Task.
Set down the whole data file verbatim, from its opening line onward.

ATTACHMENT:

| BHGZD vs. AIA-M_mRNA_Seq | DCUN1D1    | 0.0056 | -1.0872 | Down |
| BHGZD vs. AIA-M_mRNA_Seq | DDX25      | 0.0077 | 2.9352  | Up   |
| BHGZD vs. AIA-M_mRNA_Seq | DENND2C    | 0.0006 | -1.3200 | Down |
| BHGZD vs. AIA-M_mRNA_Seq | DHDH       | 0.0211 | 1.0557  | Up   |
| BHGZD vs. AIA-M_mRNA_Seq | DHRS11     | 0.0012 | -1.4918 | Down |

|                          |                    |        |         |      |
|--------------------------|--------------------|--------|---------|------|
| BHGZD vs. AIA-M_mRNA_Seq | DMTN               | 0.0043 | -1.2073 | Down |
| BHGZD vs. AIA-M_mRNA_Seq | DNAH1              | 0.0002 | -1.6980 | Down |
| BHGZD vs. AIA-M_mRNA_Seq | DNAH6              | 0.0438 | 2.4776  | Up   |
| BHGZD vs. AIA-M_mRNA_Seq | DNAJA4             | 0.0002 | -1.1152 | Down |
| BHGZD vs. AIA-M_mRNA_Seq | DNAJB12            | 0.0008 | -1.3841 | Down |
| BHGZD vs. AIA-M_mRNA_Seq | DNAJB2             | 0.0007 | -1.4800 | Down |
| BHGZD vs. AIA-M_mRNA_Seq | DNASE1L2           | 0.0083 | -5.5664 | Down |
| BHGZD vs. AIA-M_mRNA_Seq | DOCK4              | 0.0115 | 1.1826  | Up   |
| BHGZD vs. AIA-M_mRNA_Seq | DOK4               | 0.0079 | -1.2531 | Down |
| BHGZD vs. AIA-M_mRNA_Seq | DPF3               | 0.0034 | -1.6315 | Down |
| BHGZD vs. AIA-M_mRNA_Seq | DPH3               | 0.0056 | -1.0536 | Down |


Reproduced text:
| BHGZD vs. AIA-M_mRNA_Seq | DCUN1D1    | 0.0056 | -1.0872 | Down |
| BHGZD vs. AIA-M_mRNA_Seq | DDX25      | 0.0077 | 2.9352  | Up   |
| BHGZD vs. AIA-M_mRNA_Seq | DENND2C    | 0.0006 | -1.3200 | Down |
| BHGZD vs. AIA-M_mRNA_Seq | DHDH       | 0.0211 | 1.0557  | Up   |
| BHGZD vs. AIA-M_mRNA_Seq | DHRS11     | 0.0012 | -1.4918 | Down |

|                          |                    |        |         |      |
|--------------------------|--------------------|--------|---------|------|
| BHGZD vs. AIA-M_mRNA_Seq | DMTN               | 0.0043 | -1.2073 | Down |
| BHGZD vs. AIA-M_mRNA_Seq | DNAH1              | 0.0002 | -1.6980 | Down |
| BHGZD vs. AIA-M_mRNA_Seq | DNAH6              | 0.0438 | 2.4776  | Up   |
| BHGZD vs. AIA-M_mRNA_Seq | DNAJA4             | 0.0002 | -1.1152 | Down |
| BHGZD vs. AIA-M_mRNA_Seq | DNAJB12            | 0.0008 | -1.3841 | Down |
| BHGZD vs. AIA-M_mRNA_Seq | DNAJB2             | 0.0007 | -1.4800 | Down |
| BHGZD vs. AIA-M_mRNA_Seq | DNASE1L2           | 0.0083 | -5.5664 | Down |
| BHGZD vs. AIA-M_mRNA_Seq | DOCK4              | 0.0115 | 1.1826  | Up   |
| BHGZD vs. AIA-M_mRNA_Seq | DOK4               | 0.0079 | -1.2531 | Down |
| BHGZD vs. AIA-M_mRNA_Seq | DPF3               | 0.0034 | -1.6315 | Down |
| BHGZD vs. AIA-M_mRNA_Seq | DPH3               | 0.0056 | -1.0536 | Down |